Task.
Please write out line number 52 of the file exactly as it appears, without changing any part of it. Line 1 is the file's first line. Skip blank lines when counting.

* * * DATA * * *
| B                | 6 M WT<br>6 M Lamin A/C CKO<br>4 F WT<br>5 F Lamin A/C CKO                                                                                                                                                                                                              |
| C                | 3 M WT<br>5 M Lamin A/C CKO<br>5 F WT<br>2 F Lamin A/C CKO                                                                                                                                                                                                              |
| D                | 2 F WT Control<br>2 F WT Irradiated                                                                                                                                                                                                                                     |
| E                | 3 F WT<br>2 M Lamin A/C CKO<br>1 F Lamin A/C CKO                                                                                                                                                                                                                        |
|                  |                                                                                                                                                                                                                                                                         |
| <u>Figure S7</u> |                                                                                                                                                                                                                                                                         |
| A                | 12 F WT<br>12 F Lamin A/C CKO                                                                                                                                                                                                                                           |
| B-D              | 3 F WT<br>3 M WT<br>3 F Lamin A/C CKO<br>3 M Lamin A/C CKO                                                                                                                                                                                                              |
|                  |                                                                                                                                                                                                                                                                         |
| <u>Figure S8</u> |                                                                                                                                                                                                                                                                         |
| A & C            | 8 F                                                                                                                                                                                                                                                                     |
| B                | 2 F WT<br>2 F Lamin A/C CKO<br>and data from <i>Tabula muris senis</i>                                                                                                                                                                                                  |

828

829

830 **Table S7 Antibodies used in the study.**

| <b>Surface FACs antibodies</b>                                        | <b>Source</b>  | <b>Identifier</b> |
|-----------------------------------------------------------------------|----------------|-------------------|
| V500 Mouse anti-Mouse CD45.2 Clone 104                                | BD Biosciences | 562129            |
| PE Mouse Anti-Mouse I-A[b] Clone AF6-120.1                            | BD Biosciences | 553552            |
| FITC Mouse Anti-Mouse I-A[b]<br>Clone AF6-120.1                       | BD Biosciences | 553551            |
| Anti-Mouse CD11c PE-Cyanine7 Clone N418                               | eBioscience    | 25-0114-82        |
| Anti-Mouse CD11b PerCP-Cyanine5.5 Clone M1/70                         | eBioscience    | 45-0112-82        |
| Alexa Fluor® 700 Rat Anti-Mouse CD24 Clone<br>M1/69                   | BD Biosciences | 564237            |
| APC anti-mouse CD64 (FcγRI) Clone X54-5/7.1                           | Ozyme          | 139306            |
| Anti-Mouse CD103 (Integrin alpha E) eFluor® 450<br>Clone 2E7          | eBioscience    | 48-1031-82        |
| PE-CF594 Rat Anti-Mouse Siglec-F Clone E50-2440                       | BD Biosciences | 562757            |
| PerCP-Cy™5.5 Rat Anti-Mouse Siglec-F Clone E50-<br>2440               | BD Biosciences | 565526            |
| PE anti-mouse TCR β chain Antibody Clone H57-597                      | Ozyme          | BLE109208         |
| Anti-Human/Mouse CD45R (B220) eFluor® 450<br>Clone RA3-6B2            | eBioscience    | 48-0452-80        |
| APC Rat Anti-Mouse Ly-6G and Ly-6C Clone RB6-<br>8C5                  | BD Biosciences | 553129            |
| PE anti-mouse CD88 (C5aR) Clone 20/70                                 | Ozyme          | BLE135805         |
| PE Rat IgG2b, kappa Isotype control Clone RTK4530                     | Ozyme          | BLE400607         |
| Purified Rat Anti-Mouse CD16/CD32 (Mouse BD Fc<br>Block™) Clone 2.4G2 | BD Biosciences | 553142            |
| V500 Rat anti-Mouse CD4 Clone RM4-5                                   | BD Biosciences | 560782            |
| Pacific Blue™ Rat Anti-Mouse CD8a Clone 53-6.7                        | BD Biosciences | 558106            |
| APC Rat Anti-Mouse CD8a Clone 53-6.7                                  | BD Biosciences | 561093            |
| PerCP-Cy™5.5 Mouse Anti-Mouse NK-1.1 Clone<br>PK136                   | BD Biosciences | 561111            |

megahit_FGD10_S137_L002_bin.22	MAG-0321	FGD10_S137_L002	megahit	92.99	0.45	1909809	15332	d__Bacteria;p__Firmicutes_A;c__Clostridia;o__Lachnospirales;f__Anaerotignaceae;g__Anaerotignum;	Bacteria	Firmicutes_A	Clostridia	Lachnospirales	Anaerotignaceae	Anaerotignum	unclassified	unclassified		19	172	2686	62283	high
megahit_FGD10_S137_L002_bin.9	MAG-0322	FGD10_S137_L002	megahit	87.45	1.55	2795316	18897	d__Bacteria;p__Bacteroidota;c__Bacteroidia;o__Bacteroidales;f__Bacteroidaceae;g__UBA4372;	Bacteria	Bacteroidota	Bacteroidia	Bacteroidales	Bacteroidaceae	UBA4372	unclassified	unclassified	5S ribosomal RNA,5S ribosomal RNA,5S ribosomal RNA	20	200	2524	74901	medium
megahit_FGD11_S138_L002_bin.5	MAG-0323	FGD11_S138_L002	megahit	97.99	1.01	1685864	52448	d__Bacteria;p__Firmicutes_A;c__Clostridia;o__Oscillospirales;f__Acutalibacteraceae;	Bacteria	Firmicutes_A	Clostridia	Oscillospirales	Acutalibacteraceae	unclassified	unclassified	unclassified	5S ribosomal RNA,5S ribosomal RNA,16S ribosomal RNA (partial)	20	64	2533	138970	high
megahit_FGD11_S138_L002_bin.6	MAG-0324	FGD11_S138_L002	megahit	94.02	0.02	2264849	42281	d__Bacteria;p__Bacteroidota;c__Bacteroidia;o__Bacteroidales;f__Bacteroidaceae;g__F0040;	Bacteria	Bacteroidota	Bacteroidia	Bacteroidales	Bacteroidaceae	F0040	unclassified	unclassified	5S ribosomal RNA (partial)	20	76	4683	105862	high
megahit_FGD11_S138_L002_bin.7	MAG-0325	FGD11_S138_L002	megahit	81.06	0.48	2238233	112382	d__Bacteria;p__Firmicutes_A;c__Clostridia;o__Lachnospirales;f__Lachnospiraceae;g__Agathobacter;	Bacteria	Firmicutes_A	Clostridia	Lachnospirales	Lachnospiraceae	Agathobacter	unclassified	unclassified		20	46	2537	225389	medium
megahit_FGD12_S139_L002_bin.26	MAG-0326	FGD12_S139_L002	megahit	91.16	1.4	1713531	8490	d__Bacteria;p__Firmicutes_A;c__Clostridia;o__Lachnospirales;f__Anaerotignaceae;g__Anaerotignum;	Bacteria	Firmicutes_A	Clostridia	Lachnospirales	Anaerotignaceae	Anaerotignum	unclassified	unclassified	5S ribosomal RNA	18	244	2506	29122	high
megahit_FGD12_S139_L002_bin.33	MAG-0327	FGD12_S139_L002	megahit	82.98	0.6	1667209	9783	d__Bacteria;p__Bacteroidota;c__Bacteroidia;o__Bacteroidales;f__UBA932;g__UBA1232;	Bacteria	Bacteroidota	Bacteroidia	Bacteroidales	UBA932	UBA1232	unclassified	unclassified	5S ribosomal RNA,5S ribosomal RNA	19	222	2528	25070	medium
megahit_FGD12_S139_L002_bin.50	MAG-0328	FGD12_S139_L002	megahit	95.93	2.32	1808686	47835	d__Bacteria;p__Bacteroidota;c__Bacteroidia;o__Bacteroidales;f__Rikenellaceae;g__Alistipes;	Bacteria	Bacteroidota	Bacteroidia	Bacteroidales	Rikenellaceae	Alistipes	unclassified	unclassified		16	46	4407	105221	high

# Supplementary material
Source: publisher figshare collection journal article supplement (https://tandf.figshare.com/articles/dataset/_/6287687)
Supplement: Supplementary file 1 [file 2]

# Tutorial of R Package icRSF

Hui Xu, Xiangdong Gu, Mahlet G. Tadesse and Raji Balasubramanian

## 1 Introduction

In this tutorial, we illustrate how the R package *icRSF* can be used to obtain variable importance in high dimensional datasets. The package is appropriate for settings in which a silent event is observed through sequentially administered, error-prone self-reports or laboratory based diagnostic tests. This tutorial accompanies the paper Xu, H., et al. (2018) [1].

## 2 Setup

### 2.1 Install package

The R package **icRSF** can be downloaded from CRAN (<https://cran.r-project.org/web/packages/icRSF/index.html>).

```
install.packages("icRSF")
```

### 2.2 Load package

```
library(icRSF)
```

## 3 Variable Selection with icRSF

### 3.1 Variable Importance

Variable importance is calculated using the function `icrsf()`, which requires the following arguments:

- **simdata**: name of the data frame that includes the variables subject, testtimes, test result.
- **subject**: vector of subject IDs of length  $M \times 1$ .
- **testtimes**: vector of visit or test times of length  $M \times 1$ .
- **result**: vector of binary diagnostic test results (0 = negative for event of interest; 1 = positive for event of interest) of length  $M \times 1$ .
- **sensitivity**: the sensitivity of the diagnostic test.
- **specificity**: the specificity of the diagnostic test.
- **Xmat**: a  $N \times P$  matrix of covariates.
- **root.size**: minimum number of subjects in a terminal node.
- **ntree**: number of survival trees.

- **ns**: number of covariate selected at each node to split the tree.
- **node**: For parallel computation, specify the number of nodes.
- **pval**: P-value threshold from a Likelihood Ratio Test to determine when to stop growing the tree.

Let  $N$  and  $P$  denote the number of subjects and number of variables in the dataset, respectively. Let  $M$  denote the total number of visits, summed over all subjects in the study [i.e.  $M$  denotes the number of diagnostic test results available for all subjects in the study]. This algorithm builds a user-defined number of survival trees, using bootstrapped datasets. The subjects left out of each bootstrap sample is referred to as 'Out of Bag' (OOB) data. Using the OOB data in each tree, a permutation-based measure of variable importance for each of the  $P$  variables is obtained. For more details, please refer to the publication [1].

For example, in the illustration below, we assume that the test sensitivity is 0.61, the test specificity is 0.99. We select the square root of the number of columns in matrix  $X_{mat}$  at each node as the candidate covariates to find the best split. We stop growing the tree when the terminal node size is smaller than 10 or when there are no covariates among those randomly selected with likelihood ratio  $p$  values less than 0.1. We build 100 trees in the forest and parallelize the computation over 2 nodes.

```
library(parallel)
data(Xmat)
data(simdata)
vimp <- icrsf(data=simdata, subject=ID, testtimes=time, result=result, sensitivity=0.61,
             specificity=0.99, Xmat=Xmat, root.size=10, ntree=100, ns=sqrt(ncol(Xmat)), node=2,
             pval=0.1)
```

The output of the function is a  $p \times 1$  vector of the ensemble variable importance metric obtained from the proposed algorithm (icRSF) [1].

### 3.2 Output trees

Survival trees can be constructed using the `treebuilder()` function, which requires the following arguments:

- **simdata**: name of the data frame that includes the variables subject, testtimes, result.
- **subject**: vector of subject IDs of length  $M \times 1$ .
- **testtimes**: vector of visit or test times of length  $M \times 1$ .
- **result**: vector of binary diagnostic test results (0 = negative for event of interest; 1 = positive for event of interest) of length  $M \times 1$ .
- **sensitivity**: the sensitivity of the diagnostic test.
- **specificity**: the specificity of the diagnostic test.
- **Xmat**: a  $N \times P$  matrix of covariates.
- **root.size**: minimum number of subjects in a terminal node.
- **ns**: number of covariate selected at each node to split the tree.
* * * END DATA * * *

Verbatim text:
In this tutorial, we illustrate how the R package *icRSF* can be used to obtain variable importance in high dimensional datasets. The package is appropriate for settings in which a silent event is observed through sequentially administered, error-prone self-reports or laboratory based diagnostic tests. This tutorial accompanies the paper Xu, H., et al. (2018) [1].